Good one. I usually find the portraits covering the face and people around them
    This article is nice one.


  • Rich Copley January 30, 2012 12:55 pm

    Portrait photojournalism. I love the term and thanks for defining the technique.

  • Mario January 30, 2012 08:07 am

    I've noticed that most people's facial muscles get rigid when they're posing, which makes them look stiff and unnatural. I encourage them to first completely relax their facial muscles before smiling or posing. I think that's why an authentic laugh can photograph so well--the muscles are relaxed, especially around the cheeks, forehead and eyes.

  • The Guig January 7, 2012 12:49 am

    I know this is a year later, but if I'm reading this then others will be too and it's a truly invaluable article. I can't wait to try out many of the tips provided and would love to add one to complement #6.
    Set the camera on the tripod, switch it to silent, get away from the camera, chat with the model and use the remote. You have to consider keeping yourself out of shot and also remember that the model will be looking at you (so think about where you want them facing). I find this ramps up the ratio of "natural" shots of the person significantly. Have fun!

  • Jason V January 3, 2011 11:06 pm

    For a group photo for Christmas, I wore a "Santa Hat". I was able to get them all to focus on the hat and laugh a bit and it helped get them to all look at the right place!

  • Rho March 17, 2010 03:29 am

    Thanks for the tips, but I think the post processing made the example photograph come to life. That goes for any photos. Can you also share some tips on post processing?

  • Rho March 17, 2010 03:27 am

    Thanks for the tips, but I think the post processing on the example photograph makes it more interesting. It would also help to also include the post-processing on the photos that made it come alive.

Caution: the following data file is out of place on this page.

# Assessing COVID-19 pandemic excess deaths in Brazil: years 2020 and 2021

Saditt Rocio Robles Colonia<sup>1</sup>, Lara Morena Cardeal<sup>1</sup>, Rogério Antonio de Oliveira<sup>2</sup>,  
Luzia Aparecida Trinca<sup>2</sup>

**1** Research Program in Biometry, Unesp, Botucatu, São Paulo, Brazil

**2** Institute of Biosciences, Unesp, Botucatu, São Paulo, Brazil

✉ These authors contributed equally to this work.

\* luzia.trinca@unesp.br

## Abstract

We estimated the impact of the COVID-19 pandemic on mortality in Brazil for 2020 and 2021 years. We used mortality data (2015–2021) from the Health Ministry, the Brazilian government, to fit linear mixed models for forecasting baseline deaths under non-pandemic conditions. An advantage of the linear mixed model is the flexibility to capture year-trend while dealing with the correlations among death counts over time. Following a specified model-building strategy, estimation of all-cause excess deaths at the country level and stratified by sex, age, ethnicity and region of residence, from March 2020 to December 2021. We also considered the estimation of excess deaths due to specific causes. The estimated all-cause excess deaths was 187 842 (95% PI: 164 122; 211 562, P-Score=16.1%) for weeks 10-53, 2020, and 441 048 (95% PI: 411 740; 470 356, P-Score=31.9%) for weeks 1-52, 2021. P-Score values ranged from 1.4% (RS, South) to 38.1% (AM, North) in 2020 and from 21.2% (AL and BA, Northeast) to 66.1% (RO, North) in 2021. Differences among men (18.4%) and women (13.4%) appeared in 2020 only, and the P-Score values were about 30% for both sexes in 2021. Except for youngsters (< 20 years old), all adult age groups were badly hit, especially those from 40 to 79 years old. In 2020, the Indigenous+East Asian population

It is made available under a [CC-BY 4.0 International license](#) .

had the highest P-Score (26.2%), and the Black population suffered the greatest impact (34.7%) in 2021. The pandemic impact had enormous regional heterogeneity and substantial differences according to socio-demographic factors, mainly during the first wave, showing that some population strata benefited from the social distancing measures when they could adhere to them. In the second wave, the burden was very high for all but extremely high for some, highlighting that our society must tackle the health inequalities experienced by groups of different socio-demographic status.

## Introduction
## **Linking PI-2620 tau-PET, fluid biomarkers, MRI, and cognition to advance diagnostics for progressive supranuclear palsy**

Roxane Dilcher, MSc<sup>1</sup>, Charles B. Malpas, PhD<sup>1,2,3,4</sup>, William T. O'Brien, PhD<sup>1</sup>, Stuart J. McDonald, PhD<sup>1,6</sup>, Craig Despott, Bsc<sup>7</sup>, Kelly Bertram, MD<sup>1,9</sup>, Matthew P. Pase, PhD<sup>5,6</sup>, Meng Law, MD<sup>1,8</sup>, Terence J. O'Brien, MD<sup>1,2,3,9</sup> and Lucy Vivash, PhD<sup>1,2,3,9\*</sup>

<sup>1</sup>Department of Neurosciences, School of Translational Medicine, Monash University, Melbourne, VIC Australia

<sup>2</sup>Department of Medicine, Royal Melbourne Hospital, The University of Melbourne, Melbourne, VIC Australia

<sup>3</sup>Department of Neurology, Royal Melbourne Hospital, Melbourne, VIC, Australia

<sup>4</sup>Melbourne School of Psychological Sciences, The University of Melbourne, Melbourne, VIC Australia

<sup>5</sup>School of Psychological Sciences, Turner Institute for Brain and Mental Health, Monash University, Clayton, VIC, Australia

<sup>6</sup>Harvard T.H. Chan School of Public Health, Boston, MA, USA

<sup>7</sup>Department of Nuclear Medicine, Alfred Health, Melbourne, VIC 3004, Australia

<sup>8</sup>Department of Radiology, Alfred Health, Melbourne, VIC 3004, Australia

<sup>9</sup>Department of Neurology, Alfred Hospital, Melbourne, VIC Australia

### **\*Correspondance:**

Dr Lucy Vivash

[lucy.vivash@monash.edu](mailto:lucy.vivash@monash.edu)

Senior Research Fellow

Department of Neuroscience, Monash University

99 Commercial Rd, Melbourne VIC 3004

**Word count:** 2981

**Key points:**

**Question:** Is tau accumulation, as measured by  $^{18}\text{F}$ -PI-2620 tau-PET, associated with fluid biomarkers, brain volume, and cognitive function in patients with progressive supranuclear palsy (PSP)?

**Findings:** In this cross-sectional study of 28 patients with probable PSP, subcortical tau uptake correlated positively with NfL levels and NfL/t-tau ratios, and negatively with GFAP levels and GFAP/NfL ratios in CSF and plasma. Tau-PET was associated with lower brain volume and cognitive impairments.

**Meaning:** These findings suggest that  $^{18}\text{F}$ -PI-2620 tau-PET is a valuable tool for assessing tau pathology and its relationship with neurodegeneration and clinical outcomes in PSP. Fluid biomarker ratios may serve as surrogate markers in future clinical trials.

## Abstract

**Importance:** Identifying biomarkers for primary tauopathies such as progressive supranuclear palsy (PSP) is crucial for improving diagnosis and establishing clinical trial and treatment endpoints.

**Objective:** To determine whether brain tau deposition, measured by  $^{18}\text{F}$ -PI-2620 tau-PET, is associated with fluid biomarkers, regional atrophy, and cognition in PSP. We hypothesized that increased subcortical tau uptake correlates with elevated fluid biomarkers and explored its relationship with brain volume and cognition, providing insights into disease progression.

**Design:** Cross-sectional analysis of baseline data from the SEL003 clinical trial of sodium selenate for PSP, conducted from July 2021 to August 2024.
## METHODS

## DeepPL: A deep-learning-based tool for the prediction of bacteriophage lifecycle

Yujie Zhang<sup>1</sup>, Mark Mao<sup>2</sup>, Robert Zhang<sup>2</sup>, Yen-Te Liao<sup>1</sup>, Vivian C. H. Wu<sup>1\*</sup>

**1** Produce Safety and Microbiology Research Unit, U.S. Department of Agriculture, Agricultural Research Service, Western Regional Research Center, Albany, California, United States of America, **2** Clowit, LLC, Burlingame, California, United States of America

• Hamish March 10, 2010 03:07 am

    Here's something to make people smile just at the right time.

    I like to 'ham it up' a little while I'm setting up my camera. When the shot is ready to go I'll make as if to say "Say
    Cheese." But in fact I extend the word 'Saaaaay' (so they are expecting 'Cheese') and instead I say:

    And they usually all burst out laughing and I take the shot(s).

    Not recommended for high-end weddings..

  • Ian Seddon March 3, 2010 10:05 pm

    I always start by setting up the formal shot, then start talking to the model and take the actual shot when they are relaxed and not rying to pose.

  • Marisol Risakotta March 3, 2010 09:47 pm

    Appreciate this post very much. It offers great practical information. Thank you very much!

  • Josh Self March 2, 2010 12:38 am

    This blog is just what I have been looking for. I'm a shy person which can sometimes make my subjects feel uncomfortable, so I have been practicing telling jokes and chit chatting with them to bring out a natural look. All great tips!

  • Brian Geving March 2, 2010 12:00 am

    I like these tips a lot, but what about small group portraits of 8-10 people?

    I've tried to be very informal and candid, and usually get lucky to get a few shots where everyone looks normal but most of the shots have one or two people with a weird expression or in the middle of a laugh or sneeze, etc...

    Any tips on small group protraits to not look posed?

  • Greg Taylor February 27, 2010 07:28 am

    I especially enjoy self portraits although I still can't get my subject to relax.

    FOCUS eposide 2 about my self portrait experience in Papago Park / Phoenix, AZ http://grtaylor2.com/2010/02/focus-self-portrait-papago-park/

  • Amir Paz February 27, 2010 03:00 am

    let them play the part :)

    like in these:




    and my best ever:


    it just makes the portrait so much more special :)


  • Sarah Green February 27, 2010 02:44 am